“So kung ‘yung bagong empleyado na may sweldo na sabihin na natin P500,000, but will be able to yield tens of millions of pesos in additional revenue, bakit hindi,” he said.

“Next year, based on the BOC budget and goals, the agency will need P1 in order to collect P182. That’s the cost to collection ratio,” he said.

Controversy aside

The past two weeks, key Customs personnel led by Commissioner Nicanor Faeldon have been grilled in parallel hearings in the Senate and the House of Representatives, but Recto signalled he would still back the agency’s quest for more resources during the 2018 budget deliberations.

“Although mired in controversy, let us not lose sight of the fact that the BOC is a strategic agency which funds public services,” he said.

“For 2017, BOC is tasked to collect P468 billion. On a daily basis, that would be P1.28 billion. Its collection quota is 20 percent of total government tax income,” he said.

“Thus it can be said that 20 percent of the total length of roads built, classrooms constructed, medicine bought, textbooks distributed, families given health insurance will be financed by BOC collections,” he said.

“The government will not be able to deliver on its promises to the people if its second biggest supplier of funds is broken, malfunctioning and damaged,” he said, adding that with the resignation of some high BOC officials, a new team may have to be appointed.

Bertiz’s option: job it out

In contrast to Recto’s faith in the bureau, party-list Rep. Bertiz is throwing in the towel and pushing the outsource option.

Saying the 2016 Commission on Audit report on the agency proves the agency is “really resistant for reforms,” Bertiz said that even a Customs Modernization and Tariff Act (CMTA) or Republic Act 10863, approved on May 30, 2016 indicates that “real reform at Customs has been elusive.”

Bertiz added: “One solution not yet resorted to is the wholesale, complete, absolutely total overhaul of Customs operations. One step toward this is by contracting out to an international firm, all customs operations in the Philippines.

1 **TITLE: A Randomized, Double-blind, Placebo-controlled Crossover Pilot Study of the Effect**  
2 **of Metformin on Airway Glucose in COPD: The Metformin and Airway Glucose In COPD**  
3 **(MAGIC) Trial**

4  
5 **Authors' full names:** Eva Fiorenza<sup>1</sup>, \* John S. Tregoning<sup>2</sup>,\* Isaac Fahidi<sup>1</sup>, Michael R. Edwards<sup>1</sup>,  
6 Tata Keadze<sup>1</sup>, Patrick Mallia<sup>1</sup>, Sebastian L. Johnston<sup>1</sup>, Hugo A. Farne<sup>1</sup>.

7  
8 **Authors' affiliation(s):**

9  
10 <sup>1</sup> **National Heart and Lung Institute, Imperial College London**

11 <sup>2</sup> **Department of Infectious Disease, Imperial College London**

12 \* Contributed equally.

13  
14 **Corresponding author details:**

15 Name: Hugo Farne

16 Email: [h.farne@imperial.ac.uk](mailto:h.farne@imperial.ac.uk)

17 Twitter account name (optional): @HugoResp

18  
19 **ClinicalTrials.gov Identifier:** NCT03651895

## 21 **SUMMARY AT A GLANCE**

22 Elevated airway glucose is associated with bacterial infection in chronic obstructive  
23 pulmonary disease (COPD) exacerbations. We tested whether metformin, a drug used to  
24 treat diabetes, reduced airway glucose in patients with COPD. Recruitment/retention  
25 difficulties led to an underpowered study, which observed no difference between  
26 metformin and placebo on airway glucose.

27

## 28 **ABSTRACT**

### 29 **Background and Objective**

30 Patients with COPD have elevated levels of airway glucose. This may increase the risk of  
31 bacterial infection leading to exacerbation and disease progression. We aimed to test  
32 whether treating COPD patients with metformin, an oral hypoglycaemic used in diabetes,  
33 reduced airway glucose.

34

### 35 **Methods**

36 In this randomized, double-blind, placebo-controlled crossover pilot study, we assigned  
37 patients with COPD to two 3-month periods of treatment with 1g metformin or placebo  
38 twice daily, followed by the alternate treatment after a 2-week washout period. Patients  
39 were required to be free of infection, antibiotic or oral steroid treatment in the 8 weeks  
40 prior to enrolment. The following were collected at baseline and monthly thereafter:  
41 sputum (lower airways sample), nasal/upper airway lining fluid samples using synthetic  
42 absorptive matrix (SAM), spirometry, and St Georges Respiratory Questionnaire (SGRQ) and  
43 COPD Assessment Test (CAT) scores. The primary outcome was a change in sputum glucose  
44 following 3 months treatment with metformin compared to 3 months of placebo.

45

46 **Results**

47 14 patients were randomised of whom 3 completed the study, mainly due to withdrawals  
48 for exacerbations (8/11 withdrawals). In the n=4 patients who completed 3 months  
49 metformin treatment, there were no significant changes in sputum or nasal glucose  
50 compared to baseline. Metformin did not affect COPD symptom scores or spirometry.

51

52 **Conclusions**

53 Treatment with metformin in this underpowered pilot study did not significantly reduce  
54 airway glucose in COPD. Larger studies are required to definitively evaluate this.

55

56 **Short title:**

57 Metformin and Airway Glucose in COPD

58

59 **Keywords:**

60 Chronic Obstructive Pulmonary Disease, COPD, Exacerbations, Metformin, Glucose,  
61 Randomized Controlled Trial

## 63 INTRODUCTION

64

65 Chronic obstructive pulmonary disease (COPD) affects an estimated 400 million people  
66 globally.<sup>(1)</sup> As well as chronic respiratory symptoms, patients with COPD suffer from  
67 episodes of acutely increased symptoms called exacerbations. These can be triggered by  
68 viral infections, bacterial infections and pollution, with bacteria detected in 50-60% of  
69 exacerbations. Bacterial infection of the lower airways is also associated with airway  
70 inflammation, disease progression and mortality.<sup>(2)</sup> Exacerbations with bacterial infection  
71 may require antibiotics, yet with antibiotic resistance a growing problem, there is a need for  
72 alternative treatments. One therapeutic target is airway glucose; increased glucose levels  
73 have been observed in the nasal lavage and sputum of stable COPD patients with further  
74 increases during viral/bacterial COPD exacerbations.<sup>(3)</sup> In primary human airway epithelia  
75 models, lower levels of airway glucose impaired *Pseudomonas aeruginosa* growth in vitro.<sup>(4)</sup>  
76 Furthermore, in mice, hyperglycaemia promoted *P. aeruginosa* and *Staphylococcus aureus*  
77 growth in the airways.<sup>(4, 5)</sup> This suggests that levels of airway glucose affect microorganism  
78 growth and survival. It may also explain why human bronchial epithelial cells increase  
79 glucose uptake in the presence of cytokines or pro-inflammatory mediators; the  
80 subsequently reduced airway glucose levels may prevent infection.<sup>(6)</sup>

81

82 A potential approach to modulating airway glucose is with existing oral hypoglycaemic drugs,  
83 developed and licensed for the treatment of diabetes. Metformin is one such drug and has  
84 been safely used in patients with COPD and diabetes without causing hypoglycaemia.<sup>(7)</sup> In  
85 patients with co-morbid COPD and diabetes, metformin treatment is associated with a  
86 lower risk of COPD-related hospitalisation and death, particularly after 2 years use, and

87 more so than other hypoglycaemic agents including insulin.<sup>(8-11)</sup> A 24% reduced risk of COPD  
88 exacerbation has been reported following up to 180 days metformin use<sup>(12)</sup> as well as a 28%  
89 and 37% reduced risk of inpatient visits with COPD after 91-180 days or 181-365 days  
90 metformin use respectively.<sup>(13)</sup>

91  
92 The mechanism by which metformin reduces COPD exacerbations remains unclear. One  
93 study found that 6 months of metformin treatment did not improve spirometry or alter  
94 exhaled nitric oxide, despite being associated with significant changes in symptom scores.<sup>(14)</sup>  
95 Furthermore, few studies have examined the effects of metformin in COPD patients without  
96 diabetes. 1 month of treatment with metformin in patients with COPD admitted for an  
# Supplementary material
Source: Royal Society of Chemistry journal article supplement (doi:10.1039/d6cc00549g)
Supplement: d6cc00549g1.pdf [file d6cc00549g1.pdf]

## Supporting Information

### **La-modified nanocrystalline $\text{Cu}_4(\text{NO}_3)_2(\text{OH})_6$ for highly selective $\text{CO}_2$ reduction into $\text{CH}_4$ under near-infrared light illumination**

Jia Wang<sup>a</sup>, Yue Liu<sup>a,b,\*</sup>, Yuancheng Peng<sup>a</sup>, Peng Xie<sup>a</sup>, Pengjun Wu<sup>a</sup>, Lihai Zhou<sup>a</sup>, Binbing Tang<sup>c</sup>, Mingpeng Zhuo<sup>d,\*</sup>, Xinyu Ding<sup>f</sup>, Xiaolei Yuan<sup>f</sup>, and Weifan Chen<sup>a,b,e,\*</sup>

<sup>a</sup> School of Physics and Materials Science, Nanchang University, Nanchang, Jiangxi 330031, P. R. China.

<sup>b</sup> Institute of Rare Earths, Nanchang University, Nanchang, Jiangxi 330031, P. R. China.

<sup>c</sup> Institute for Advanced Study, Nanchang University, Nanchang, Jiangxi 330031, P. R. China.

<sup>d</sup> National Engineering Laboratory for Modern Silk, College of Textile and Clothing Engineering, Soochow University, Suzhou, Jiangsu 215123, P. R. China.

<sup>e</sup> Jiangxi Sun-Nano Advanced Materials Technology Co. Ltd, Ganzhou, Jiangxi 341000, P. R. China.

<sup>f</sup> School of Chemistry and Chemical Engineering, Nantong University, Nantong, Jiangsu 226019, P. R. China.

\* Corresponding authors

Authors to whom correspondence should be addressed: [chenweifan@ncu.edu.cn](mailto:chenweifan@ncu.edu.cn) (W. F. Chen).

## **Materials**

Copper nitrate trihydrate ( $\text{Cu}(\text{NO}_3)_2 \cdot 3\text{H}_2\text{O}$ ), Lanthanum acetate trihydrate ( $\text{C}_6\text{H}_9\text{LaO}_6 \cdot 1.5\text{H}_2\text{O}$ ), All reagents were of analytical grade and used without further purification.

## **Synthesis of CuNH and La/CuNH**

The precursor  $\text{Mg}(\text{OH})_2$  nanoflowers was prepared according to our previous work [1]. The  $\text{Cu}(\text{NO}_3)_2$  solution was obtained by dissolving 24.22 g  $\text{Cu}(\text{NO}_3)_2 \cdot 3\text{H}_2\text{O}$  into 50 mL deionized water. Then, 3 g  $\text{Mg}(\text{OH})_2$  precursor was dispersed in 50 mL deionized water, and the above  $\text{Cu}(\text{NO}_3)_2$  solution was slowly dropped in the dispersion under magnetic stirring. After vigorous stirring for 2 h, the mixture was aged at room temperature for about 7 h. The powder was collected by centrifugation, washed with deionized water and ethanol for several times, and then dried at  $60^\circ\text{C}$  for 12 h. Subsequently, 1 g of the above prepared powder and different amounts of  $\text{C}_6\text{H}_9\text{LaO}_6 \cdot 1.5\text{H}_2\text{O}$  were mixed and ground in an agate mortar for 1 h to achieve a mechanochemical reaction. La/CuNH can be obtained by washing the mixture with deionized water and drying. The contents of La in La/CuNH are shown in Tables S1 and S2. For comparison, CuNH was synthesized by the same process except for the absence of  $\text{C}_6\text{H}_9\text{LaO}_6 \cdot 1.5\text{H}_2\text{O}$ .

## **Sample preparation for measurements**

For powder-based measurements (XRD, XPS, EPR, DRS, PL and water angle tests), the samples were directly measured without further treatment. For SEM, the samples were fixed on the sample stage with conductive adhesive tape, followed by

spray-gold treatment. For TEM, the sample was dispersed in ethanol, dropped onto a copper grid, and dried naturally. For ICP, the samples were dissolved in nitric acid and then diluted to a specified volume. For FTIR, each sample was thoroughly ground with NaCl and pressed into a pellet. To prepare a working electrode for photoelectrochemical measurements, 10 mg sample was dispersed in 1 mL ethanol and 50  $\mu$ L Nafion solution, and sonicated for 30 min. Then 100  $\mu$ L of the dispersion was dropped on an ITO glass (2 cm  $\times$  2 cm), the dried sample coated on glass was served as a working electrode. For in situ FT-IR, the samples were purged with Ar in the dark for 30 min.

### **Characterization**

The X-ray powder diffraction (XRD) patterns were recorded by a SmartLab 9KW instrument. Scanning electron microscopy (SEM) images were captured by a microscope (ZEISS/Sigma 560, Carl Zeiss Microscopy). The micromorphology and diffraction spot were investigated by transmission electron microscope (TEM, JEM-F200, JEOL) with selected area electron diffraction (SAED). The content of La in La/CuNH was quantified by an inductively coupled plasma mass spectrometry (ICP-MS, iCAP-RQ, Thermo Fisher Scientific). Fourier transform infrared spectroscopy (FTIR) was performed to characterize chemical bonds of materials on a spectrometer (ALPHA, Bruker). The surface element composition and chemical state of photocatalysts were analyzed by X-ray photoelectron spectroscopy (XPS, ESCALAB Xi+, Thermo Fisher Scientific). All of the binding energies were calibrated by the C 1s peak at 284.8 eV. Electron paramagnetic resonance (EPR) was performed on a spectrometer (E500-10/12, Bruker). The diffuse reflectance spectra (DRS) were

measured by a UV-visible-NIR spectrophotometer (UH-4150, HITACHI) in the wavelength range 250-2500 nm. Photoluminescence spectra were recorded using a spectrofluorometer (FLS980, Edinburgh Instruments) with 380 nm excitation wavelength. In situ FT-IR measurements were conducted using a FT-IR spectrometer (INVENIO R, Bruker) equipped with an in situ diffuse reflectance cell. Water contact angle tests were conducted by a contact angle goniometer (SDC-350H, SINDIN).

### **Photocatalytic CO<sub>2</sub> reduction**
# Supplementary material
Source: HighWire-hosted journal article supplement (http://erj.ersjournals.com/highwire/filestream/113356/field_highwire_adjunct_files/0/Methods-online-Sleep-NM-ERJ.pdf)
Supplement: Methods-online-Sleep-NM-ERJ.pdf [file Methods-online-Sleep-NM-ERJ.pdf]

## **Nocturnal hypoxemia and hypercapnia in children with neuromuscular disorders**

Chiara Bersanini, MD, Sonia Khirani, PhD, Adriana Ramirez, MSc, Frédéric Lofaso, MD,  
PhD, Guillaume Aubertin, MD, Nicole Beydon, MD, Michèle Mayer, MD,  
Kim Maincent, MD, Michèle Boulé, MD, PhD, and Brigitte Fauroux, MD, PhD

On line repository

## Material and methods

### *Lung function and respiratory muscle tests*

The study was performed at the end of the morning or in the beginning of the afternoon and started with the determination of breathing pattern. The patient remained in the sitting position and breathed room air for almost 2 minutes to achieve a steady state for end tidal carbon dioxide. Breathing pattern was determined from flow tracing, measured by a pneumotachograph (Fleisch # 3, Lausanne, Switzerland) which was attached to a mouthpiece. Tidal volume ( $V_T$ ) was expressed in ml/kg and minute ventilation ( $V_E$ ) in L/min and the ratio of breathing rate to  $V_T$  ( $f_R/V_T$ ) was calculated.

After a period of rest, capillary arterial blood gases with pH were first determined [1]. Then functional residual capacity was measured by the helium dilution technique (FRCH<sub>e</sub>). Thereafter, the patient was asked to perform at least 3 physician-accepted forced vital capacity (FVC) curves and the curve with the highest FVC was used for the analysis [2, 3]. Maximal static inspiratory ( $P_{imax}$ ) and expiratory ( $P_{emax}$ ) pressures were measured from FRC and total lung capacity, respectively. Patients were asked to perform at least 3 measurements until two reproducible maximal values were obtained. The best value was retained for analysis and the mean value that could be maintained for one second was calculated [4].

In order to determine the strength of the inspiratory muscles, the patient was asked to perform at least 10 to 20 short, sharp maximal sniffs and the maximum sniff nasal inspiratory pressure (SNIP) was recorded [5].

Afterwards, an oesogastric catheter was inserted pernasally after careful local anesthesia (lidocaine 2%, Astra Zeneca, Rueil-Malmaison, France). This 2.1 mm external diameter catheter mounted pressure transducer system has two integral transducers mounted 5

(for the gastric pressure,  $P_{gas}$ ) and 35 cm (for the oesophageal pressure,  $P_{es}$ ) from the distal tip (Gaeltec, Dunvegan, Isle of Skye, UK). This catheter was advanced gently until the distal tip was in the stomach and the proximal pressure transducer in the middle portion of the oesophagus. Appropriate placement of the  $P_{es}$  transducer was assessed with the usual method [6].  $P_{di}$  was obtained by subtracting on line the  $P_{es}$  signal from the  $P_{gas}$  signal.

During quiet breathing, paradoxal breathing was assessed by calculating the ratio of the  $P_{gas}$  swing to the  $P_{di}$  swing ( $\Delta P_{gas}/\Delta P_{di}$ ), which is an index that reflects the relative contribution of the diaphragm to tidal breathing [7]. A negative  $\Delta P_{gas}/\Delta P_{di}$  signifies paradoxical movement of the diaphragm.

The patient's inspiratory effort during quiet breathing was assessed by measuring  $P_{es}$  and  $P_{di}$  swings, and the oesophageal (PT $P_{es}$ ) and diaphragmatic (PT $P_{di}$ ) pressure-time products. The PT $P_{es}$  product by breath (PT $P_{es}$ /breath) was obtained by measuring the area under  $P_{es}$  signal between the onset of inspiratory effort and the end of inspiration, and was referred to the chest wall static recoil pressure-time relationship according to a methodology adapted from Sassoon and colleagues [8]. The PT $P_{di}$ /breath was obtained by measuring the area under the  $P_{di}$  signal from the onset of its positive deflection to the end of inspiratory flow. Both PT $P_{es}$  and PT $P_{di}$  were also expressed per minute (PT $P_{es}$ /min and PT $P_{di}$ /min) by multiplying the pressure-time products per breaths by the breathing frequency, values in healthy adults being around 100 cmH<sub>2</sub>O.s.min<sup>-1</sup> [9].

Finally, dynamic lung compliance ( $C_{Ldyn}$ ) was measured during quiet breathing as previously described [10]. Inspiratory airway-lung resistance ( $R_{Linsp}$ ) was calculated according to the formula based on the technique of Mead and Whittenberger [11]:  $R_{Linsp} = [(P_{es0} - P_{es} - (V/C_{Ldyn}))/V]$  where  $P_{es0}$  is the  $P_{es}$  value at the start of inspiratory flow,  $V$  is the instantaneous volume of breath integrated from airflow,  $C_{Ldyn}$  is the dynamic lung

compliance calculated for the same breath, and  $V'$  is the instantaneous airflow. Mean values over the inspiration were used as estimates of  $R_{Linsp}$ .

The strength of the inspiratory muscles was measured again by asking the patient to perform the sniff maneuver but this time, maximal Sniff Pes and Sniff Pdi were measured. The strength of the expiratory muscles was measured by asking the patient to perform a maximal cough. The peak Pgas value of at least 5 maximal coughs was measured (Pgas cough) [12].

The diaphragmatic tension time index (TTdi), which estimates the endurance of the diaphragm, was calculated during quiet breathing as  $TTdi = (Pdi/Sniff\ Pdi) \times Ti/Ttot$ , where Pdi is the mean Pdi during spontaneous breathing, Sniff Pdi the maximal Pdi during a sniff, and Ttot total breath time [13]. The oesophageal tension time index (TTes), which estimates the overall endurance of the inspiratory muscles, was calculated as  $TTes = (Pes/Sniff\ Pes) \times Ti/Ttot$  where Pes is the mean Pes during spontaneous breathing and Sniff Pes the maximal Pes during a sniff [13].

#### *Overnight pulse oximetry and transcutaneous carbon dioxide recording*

“One way, I think, this can be done is by the international bidding out of all Customs operations, including human resources, administration, finance, utility services, to a competent globally respected customs operator. This can be done using existing build-operate-transfer law and regulations.”

If this option were adopted, he said, “there must be a prohibition on hiring any current or former customs personnel.”

The implementation of the Management of Customs Operations Bid Contract can include civil society oversight and periodic review.

While Customs Operations are contracted out, a multi-sectoral Public-Private Customs Overhaul Commission can map out and implement the building from the ground up a totally new Bureau of Customs. No absorption of current personnel. Surely some contentious issues would need to be ironed out, including relevant civil service laws and regulations.

Bertiz said, “building a new Bureau of Customs might take about seven to ten years. Then there will have to be a transition phase to enable the new bureau to run customs operations that meet international standards.”

“Perhaps an Executive Order by President Rodrigo Roa Duterte can get all these done,” Bertiz said. “The BOT Law and regulations we already have,” he added.